Image courtesy of the Irish Embassy
The President of the Republic of Ireland, Sean T. O’Kelly, became the first elected representative of the Republic of Ireland to address a Joint Meeting of Congress.
On this date, the President of the Republic of Ireland, Sean T. O’Kelly, became the first elected representative of the Republic of Ireland to address a Joint Meeting of Congress
. A day earlier, President Dwight D. Eisenhower wore a green necktie when he greeted O’Kelly at National Airport. The two Presidents were applauded by onlookers as they traveled the St. Patrick’s Day parade route through the streets of Washington, DC. At noon on March 18, an enthusiastic crowd welcomed O’Kelly to the House Chamber. Admission to the gallery required a special green ticket, and notable guests included President Eisenhower’s Cabinet, Chief Justice Earl Warren and the entire Supreme Court, and assorted ambassadors and other officials from foreign governments. Members arrived in the chamber wearing green carnations on their lapels, and Representative John Francis Shelley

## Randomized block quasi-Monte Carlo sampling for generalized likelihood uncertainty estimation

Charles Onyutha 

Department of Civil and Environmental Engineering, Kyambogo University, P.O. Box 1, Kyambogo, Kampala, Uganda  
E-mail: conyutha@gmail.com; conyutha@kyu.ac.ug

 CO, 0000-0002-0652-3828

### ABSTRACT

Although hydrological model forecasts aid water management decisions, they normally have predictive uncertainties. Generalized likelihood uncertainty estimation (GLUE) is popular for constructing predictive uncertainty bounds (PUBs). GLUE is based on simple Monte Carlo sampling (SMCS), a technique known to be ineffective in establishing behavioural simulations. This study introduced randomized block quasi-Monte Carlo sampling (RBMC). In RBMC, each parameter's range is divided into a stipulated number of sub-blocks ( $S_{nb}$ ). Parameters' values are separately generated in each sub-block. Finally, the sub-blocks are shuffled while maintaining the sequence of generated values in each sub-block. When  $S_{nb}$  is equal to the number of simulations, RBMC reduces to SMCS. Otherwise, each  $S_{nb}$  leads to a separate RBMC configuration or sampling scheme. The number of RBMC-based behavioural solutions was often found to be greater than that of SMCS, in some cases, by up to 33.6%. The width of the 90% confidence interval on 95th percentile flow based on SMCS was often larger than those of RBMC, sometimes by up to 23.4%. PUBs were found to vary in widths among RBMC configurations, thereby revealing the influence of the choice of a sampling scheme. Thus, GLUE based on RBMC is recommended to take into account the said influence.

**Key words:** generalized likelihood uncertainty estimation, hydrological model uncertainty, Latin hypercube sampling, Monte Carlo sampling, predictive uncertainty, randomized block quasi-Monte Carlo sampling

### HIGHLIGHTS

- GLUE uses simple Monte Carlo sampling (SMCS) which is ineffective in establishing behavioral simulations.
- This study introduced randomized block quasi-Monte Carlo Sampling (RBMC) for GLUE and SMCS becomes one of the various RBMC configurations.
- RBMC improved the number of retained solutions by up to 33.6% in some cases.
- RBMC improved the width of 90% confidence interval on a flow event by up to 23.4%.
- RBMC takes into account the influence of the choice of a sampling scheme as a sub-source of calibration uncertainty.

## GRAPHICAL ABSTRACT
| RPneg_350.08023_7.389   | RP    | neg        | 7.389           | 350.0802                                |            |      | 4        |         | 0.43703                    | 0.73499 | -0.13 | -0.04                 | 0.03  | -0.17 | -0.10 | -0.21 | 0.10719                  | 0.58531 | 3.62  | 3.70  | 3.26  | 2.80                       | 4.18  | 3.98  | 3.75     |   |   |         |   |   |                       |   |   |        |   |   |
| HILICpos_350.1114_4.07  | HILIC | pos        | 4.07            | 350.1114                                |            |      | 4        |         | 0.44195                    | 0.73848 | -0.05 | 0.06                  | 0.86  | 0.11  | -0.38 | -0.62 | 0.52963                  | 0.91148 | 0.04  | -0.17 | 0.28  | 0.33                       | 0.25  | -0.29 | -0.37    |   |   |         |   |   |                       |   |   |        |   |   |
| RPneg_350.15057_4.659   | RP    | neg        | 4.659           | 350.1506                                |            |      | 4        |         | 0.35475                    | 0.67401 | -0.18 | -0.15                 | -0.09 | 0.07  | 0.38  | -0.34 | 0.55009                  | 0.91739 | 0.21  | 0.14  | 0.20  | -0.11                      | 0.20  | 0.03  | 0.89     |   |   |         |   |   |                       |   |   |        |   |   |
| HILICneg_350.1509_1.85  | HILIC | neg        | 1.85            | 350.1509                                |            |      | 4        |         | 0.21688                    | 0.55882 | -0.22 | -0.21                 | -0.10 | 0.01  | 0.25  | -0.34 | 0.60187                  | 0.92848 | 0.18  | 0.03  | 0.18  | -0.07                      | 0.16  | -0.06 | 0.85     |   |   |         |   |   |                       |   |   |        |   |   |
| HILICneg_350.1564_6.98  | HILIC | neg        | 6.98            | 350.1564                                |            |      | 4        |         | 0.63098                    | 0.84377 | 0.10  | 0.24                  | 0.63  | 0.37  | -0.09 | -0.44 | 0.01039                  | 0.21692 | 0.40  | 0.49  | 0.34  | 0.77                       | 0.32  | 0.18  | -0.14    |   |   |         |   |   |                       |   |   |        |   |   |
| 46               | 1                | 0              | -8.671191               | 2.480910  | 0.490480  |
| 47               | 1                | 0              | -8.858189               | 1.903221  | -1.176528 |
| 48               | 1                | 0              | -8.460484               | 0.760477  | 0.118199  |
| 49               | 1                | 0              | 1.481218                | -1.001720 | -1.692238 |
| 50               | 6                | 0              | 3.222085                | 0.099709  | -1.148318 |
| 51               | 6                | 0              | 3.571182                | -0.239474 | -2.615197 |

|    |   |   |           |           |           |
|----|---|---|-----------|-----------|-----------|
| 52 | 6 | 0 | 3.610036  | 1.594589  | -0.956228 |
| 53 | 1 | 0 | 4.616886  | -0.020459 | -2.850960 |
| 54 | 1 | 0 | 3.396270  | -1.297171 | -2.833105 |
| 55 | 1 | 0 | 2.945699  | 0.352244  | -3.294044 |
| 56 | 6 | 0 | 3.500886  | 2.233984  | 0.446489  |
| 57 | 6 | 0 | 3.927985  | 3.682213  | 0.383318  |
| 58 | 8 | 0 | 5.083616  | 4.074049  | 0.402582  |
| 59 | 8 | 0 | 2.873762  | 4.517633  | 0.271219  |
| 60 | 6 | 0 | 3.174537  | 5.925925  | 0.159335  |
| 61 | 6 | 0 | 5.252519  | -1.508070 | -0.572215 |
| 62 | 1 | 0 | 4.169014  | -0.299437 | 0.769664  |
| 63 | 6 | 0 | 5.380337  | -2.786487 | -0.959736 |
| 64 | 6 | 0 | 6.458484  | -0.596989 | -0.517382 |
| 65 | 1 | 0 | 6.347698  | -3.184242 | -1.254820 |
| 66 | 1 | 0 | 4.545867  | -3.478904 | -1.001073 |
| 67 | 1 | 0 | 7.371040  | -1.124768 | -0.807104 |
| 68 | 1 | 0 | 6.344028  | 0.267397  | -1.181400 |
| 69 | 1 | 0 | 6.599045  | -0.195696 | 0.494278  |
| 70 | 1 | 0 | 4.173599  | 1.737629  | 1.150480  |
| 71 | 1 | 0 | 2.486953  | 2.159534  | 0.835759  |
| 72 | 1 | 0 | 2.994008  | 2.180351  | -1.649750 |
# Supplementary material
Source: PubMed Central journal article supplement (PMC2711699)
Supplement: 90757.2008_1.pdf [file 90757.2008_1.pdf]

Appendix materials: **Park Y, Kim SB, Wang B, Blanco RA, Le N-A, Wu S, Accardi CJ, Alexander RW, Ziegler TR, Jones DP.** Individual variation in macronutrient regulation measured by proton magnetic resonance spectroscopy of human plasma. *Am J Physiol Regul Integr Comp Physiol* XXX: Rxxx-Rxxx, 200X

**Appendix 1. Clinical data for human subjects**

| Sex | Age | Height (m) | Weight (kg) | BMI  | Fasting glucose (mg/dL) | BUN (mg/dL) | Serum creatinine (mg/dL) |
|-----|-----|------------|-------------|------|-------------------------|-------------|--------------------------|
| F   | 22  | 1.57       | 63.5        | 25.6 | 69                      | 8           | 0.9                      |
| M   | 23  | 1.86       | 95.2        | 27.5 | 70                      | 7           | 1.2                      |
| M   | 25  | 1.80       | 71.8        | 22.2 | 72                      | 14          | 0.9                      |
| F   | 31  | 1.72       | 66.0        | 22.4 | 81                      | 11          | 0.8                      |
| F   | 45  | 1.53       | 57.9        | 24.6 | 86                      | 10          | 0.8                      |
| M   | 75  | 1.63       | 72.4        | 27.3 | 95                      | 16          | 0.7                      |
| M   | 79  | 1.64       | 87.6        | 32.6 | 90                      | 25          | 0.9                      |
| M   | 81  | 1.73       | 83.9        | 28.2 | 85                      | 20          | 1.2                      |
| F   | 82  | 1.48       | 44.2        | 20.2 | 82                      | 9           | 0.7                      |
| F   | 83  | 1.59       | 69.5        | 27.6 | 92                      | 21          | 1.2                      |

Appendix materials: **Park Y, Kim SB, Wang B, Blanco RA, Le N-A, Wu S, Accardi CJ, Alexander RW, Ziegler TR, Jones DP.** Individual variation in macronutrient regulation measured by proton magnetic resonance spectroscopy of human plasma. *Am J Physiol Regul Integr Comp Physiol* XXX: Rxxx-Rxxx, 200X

of California pinned one on President O’Kelly. “Applause thundered through the hall” when O’Kelly entered the House Chamber, wrote the Boston Globe
, and “Capitol officials of long standing said they had never seen anything like it.” In his brief introductory remarks, Speaker Sam Rayburn
of Texas declared that it was “a high privilege to present to you the representative of a great and a proud people, a people who have fought for freedom and liberty the world around.” The 76-year-old O’Kelly reflected on the history of “enduring friendship and close kinship” between the people of the United States and Ireland. O’Kelly told his hosts of the warm welcome given to Benjamin Franklin during a 1771 visit to the Irish Parliament in Dublin and praised those of Irish descent who contributed to the American Revolution. He also recalled the 1880 reception held for Irish politician Charles Stewart Parnell
, who addressed the House concerning the poverty and hunger then afflicting his nation under British rule. For O’Kelly, the United States “continued to symbolize for Ireland the freedom toward which our people never ceased to aspire.” The “sympathy and understanding of our American friends,” he added, “helped us, and still helps us, toward the goal for which we have always striven: Ireland united and free.”